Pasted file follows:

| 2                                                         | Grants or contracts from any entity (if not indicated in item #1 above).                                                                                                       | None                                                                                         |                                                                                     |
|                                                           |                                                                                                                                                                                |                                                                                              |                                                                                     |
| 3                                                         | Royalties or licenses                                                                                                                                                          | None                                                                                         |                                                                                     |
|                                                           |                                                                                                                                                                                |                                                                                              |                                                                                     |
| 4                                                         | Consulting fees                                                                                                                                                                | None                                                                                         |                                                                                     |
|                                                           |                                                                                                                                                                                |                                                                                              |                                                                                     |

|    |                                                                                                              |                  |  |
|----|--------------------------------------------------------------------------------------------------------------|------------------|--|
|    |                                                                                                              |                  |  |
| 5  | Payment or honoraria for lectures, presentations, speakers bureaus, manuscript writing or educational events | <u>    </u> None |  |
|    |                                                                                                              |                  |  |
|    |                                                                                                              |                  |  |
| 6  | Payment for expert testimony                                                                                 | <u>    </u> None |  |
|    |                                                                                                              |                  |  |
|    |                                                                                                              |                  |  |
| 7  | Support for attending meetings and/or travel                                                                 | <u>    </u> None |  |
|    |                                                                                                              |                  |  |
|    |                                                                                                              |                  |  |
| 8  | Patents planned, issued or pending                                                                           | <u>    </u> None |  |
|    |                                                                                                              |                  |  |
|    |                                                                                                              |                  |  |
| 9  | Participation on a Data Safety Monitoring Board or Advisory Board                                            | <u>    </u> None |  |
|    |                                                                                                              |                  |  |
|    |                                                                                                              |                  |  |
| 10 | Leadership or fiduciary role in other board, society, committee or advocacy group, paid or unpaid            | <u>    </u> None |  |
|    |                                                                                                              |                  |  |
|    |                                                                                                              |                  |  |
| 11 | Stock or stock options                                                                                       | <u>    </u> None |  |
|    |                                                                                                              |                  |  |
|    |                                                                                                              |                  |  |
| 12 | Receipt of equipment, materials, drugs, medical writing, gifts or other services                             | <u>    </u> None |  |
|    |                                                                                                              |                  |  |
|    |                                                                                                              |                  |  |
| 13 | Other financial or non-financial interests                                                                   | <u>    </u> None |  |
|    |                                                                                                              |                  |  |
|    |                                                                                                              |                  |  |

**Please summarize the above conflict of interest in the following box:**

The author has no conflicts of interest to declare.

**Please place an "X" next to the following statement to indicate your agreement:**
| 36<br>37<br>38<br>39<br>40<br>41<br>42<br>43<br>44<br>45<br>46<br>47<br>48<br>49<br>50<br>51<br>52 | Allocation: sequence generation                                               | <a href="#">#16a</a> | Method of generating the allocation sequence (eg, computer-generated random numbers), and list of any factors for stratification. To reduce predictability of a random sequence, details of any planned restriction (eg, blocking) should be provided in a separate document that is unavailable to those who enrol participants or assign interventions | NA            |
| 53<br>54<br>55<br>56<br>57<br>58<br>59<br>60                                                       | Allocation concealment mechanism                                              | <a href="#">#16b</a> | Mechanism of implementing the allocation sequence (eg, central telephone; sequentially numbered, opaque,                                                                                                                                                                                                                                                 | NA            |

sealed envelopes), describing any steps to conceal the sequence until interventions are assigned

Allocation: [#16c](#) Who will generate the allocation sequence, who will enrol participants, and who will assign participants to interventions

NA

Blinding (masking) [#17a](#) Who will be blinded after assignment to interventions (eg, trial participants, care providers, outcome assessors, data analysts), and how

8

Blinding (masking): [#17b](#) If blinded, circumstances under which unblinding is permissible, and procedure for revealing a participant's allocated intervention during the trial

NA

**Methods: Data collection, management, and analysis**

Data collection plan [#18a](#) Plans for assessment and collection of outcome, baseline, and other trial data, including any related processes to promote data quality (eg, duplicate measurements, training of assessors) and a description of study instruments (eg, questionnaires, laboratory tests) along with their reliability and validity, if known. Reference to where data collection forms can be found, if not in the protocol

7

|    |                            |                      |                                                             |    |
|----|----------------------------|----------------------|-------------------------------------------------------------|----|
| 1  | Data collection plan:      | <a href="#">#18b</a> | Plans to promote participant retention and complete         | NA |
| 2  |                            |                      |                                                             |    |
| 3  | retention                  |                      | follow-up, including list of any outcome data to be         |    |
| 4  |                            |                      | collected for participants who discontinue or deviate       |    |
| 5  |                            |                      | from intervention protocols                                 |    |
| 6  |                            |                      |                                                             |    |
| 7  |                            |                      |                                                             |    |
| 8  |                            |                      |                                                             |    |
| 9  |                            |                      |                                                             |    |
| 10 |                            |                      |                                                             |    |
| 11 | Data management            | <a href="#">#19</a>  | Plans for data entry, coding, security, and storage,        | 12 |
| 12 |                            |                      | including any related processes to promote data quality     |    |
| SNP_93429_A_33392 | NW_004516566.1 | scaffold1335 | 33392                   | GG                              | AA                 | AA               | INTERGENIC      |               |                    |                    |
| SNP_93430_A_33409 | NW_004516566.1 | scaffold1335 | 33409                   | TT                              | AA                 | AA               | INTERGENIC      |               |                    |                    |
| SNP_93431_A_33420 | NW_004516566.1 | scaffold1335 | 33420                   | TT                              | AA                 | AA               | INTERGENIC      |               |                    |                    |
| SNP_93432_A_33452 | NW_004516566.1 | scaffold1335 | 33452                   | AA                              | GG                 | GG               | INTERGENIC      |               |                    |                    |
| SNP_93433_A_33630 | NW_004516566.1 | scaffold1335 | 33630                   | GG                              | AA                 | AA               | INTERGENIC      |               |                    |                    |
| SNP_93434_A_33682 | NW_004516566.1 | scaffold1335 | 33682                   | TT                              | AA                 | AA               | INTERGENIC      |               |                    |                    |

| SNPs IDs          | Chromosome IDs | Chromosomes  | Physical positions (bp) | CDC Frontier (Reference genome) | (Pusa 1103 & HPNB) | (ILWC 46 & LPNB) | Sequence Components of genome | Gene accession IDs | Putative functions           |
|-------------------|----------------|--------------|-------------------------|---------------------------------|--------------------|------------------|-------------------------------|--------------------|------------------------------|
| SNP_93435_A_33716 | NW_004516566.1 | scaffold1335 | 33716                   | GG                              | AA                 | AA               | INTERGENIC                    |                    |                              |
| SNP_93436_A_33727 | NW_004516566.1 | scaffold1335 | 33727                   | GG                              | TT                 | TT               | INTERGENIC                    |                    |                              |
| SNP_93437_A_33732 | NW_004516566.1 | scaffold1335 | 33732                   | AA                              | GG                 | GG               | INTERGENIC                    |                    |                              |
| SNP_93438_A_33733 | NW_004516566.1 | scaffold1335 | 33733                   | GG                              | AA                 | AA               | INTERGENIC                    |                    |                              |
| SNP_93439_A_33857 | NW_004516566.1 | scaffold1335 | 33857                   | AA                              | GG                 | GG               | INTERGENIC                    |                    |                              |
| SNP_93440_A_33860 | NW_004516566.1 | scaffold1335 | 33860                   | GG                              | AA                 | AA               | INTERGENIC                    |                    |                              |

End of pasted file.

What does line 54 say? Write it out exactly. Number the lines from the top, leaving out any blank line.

| 1  | Data collection plan:      | <a href="#">#18b</a> | Plans to promote participant retention and complete         | NA |